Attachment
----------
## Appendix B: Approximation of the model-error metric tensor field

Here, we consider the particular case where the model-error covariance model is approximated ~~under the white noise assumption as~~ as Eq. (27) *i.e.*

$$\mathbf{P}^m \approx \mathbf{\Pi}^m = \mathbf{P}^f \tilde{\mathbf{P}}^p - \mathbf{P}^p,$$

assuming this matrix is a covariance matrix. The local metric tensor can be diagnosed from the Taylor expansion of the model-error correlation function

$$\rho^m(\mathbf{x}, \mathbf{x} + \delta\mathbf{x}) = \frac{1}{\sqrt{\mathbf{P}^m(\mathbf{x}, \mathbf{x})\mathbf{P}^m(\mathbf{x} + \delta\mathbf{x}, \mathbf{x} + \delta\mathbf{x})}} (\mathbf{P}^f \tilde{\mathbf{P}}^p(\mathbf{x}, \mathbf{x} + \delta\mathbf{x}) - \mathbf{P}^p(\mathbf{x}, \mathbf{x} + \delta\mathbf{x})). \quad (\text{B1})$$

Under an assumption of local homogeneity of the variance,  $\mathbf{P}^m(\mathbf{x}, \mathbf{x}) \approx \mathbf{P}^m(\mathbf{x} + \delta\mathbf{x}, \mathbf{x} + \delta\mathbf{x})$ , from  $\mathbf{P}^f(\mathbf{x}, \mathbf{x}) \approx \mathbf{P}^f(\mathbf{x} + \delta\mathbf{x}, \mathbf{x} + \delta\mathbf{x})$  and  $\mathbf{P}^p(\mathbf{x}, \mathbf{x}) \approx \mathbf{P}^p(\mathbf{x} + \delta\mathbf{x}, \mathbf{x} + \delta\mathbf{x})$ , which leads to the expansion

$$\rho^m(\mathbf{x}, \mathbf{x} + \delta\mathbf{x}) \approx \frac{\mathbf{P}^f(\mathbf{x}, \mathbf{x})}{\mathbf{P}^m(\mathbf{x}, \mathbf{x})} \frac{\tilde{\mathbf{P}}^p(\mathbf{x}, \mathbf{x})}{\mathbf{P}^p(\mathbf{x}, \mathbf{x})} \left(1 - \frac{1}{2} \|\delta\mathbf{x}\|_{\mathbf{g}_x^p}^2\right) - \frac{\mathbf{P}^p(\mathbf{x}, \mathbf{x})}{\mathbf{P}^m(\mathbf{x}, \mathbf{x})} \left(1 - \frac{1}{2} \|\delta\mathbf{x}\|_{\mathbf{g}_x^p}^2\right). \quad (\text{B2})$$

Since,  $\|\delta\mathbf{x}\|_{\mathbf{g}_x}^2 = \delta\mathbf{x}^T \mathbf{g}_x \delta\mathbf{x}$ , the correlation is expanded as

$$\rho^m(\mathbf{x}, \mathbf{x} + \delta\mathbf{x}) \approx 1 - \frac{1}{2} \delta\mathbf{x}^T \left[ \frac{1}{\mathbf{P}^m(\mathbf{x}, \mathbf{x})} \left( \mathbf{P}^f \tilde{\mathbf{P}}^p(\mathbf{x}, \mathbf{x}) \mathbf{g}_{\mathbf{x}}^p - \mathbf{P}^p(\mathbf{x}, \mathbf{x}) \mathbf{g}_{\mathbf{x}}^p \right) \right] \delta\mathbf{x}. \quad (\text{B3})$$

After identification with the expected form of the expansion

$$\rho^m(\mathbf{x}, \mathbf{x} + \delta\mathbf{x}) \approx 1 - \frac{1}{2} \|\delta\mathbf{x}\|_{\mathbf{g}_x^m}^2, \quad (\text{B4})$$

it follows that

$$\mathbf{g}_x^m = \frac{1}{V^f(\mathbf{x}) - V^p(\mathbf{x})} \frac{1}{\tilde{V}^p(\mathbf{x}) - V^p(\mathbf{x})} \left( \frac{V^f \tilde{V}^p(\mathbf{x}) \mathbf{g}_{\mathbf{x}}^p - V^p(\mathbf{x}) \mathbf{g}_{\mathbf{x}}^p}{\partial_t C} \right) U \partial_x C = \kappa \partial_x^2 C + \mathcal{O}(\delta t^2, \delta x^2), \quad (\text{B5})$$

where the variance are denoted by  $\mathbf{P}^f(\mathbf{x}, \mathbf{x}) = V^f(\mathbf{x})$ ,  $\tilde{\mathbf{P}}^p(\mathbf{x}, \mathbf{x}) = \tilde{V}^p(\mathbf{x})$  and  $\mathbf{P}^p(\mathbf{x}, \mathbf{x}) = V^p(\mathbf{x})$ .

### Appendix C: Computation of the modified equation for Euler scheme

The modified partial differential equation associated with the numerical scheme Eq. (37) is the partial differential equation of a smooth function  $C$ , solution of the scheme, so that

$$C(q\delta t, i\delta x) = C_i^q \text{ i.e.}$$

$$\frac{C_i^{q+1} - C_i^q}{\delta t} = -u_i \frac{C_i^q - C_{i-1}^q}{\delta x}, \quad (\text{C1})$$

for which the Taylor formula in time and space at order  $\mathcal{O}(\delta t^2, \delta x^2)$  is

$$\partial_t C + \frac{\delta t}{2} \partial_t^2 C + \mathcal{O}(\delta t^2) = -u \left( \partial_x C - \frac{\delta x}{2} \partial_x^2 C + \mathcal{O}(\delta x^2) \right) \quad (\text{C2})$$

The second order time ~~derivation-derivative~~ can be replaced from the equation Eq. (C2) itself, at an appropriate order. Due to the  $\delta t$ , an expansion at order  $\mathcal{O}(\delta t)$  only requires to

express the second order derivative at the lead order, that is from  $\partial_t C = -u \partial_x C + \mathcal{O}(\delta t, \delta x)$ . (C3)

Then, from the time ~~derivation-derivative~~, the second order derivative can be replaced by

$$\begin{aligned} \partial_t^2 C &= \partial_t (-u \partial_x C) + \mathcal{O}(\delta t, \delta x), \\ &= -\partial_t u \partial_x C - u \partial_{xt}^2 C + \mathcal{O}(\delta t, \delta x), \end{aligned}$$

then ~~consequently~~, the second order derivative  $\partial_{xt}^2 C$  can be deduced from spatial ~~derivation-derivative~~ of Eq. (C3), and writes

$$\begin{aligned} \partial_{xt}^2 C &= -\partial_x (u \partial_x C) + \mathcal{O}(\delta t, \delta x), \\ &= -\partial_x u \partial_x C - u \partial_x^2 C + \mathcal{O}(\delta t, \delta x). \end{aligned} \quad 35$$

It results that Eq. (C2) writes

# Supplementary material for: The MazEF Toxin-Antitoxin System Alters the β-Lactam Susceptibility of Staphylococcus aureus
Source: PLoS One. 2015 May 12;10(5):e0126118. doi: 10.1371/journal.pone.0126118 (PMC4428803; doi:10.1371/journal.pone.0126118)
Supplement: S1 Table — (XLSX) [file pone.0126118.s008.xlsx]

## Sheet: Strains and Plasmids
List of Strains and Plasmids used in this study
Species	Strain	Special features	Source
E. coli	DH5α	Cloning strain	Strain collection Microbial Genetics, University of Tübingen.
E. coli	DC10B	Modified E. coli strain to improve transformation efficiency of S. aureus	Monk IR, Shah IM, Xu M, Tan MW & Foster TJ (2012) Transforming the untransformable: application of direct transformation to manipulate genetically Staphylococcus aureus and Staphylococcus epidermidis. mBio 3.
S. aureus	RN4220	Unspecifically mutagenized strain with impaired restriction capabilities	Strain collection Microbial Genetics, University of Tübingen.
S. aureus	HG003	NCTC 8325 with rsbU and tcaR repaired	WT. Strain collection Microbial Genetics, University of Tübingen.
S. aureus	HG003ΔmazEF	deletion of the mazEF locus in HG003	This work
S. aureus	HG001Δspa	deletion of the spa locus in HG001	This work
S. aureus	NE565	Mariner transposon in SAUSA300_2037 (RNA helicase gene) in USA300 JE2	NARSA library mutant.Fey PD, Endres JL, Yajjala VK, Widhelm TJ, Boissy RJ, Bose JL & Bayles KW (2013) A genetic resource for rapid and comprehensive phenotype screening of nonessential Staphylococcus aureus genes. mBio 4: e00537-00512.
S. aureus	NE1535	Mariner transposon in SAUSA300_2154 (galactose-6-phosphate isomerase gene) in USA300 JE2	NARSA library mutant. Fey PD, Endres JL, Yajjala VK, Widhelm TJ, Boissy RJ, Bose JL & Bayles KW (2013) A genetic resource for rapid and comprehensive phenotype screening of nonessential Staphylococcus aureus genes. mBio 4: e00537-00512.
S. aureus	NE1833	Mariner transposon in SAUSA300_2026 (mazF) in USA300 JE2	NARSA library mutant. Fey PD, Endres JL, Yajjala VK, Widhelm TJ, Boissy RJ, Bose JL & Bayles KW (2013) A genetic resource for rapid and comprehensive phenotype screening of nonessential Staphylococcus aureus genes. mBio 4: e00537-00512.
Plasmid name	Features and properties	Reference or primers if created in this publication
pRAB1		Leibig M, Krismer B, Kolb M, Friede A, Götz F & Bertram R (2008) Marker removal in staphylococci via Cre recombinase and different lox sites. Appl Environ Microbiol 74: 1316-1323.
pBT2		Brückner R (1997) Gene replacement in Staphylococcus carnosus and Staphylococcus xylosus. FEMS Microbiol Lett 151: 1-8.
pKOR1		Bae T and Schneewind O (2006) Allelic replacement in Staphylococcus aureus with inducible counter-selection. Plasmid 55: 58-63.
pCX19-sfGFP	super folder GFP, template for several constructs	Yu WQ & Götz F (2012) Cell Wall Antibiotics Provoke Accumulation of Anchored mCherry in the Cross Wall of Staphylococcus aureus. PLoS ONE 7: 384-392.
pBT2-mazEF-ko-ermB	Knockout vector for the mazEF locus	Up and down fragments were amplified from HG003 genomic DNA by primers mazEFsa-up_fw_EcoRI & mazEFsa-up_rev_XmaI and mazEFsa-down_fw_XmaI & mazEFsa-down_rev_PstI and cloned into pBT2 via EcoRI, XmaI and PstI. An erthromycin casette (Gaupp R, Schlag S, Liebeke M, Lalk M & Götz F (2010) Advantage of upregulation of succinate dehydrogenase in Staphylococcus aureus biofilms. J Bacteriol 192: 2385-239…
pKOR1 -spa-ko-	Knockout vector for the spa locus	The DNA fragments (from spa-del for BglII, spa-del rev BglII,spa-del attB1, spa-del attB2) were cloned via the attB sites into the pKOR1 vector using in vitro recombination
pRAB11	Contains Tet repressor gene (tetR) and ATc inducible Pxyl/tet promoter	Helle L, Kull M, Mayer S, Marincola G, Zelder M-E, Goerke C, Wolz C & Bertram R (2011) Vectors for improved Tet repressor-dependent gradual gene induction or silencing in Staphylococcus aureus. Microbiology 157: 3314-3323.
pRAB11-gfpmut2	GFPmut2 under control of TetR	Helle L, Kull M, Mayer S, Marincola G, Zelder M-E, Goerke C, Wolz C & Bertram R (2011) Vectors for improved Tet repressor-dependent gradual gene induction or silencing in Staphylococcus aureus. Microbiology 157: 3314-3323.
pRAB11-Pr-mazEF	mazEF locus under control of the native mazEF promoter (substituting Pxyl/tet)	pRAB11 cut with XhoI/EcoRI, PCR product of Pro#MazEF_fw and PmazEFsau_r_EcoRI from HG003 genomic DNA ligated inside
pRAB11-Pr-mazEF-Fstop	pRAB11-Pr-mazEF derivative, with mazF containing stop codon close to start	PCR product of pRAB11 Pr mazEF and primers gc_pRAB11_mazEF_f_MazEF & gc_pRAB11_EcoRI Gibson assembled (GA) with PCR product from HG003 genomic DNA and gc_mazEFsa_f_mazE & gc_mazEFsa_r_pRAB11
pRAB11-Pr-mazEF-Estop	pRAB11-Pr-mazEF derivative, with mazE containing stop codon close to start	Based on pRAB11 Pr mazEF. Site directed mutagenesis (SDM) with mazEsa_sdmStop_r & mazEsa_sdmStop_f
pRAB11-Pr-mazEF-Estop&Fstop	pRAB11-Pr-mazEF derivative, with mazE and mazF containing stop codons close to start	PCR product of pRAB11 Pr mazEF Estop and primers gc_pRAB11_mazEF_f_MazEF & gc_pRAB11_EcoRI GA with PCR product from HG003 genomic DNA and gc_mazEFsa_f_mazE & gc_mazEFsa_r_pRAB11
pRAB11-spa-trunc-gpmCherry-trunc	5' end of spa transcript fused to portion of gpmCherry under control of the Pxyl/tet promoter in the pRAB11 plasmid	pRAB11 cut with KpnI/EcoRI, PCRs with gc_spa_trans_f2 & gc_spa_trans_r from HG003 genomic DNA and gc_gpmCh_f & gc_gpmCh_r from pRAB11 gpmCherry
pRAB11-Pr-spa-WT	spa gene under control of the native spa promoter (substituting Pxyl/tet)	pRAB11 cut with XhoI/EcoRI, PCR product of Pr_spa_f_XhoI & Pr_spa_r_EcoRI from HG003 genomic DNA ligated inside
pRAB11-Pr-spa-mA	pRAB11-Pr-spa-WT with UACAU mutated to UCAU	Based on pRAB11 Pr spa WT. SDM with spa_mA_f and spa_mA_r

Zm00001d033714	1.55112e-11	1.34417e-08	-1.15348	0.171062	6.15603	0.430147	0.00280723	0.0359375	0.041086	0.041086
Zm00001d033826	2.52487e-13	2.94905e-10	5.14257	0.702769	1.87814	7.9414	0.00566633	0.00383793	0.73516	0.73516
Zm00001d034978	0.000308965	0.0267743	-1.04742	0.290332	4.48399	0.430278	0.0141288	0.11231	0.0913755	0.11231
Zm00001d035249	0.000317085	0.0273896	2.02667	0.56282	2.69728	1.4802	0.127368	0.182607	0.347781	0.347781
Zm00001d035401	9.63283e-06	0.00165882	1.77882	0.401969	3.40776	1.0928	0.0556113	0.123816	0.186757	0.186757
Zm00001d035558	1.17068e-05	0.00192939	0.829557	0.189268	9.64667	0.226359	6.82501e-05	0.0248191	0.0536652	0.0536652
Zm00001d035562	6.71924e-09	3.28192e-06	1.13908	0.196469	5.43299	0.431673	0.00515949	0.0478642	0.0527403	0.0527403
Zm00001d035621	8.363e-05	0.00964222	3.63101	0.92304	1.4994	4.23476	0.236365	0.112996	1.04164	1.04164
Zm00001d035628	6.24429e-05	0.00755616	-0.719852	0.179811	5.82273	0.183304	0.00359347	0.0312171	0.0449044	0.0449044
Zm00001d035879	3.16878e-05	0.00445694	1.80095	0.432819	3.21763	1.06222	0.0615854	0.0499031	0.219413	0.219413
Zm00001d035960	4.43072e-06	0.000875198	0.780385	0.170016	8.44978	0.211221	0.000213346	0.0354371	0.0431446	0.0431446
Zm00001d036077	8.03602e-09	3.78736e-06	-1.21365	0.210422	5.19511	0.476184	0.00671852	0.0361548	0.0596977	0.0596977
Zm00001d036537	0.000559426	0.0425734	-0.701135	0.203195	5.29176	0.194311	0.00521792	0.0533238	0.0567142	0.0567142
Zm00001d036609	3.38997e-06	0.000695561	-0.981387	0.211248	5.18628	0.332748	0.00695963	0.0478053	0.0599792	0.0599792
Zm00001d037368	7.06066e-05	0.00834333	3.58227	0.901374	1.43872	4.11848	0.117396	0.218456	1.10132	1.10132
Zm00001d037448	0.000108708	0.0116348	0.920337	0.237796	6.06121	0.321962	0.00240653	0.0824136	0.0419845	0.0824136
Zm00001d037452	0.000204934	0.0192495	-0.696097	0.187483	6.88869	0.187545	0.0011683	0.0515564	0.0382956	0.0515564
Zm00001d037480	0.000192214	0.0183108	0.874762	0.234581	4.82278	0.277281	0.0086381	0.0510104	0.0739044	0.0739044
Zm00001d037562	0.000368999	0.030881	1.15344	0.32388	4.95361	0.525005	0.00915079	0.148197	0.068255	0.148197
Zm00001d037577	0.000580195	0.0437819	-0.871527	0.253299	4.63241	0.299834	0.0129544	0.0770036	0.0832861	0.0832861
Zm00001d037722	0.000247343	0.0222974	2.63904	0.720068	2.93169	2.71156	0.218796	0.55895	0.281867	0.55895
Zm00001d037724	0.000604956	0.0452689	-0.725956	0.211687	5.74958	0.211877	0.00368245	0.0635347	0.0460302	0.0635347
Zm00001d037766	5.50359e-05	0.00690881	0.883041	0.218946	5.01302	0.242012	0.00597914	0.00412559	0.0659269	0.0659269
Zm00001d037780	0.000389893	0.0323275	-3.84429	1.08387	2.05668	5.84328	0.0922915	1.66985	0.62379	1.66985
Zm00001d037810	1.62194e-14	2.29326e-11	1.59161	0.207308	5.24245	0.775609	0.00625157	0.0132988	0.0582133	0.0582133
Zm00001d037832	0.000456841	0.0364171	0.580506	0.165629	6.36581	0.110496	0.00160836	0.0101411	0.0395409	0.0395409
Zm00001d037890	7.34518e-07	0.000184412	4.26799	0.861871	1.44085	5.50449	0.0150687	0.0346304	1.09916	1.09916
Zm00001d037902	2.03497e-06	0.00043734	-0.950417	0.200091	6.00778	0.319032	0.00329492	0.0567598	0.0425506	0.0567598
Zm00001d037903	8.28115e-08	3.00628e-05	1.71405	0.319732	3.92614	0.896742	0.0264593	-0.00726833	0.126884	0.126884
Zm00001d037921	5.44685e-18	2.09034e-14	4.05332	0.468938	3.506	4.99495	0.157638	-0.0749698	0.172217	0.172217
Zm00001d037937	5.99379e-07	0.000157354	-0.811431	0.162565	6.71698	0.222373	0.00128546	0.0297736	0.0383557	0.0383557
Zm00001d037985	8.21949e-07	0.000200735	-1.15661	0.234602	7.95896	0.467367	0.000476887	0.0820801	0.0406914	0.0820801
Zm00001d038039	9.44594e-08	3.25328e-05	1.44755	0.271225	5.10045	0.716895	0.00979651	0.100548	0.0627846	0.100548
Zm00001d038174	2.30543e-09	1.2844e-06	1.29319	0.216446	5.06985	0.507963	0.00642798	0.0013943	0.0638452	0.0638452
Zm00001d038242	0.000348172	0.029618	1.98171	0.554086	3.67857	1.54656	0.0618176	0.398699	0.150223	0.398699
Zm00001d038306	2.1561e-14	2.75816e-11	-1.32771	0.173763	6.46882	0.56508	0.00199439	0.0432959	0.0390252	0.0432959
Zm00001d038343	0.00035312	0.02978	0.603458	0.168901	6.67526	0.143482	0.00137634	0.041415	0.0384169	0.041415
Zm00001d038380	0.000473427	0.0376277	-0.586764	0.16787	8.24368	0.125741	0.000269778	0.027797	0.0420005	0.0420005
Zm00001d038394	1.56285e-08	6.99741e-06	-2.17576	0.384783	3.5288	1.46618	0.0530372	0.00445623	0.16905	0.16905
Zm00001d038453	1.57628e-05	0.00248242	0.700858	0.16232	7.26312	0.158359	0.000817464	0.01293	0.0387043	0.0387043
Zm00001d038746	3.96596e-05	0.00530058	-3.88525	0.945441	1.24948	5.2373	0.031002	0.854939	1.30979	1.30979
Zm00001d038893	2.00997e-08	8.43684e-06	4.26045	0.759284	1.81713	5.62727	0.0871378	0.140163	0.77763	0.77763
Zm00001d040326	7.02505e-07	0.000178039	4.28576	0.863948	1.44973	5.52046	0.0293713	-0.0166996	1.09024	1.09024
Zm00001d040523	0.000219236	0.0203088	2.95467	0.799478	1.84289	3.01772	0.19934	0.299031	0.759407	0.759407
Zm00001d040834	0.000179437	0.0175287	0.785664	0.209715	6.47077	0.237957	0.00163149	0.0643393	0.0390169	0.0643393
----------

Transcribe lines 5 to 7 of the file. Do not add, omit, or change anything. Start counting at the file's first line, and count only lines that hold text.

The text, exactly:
$$\rho^m(\mathbf{x}, \mathbf{x} + \delta\mathbf{x}) = \frac{1}{\sqrt{\mathbf{P}^m(\mathbf{x}, \mathbf{x})\mathbf{P}^m(\mathbf{x} + \delta\mathbf{x}, \mathbf{x} + \delta\mathbf{x})}} (\mathbf{P}^f \tilde{\mathbf{P}}^p(\mathbf{x}, \mathbf{x} + \delta\mathbf{x}) - \mathbf{P}^p(\mathbf{x}, \mathbf{x} + \delta\mathbf{x})). \quad (\text{B1})$$

Under an assumption of local homogeneity of the variance,  $\mathbf{P}^m(\mathbf{x}, \mathbf{x}) \approx \mathbf{P}^m(\mathbf{x} + \delta\mathbf{x}, \mathbf{x} + \delta\mathbf{x})$ , from  $\mathbf{P}^f(\mathbf{x}, \mathbf{x}) \approx \mathbf{P}^f(\mathbf{x} + \delta\mathbf{x}, \mathbf{x} + \delta\mathbf{x})$  and  $\mathbf{P}^p(\mathbf{x}, \mathbf{x}) \approx \mathbf{P}^p(\mathbf{x} + \delta\mathbf{x}, \mathbf{x} + \delta\mathbf{x})$ , which leads to the expansion

$$\rho^m(\mathbf{x}, \mathbf{x} + \delta\mathbf{x}) \approx \frac{\mathbf{P}^f(\mathbf{x}, \mathbf{x})}{\mathbf{P}^m(\mathbf{x}, \mathbf{x})} \frac{\tilde{\mathbf{P}}^p(\mathbf{x}, \mathbf{x})}{\mathbf{P}^p(\mathbf{x}, \mathbf{x})} \left(1 - \frac{1}{2} \|\delta\mathbf{x}\|_{\mathbf{g}_x^p}^2\right) - \frac{\mathbf{P}^p(\mathbf{x}, \mathbf{x})}{\mathbf{P}^m(\mathbf{x}, \mathbf{x})} \left(1 - \frac{1}{2} \|\delta\mathbf{x}\|_{\mathbf{g}_x^p}^2\right). \quad (\text{B2})$$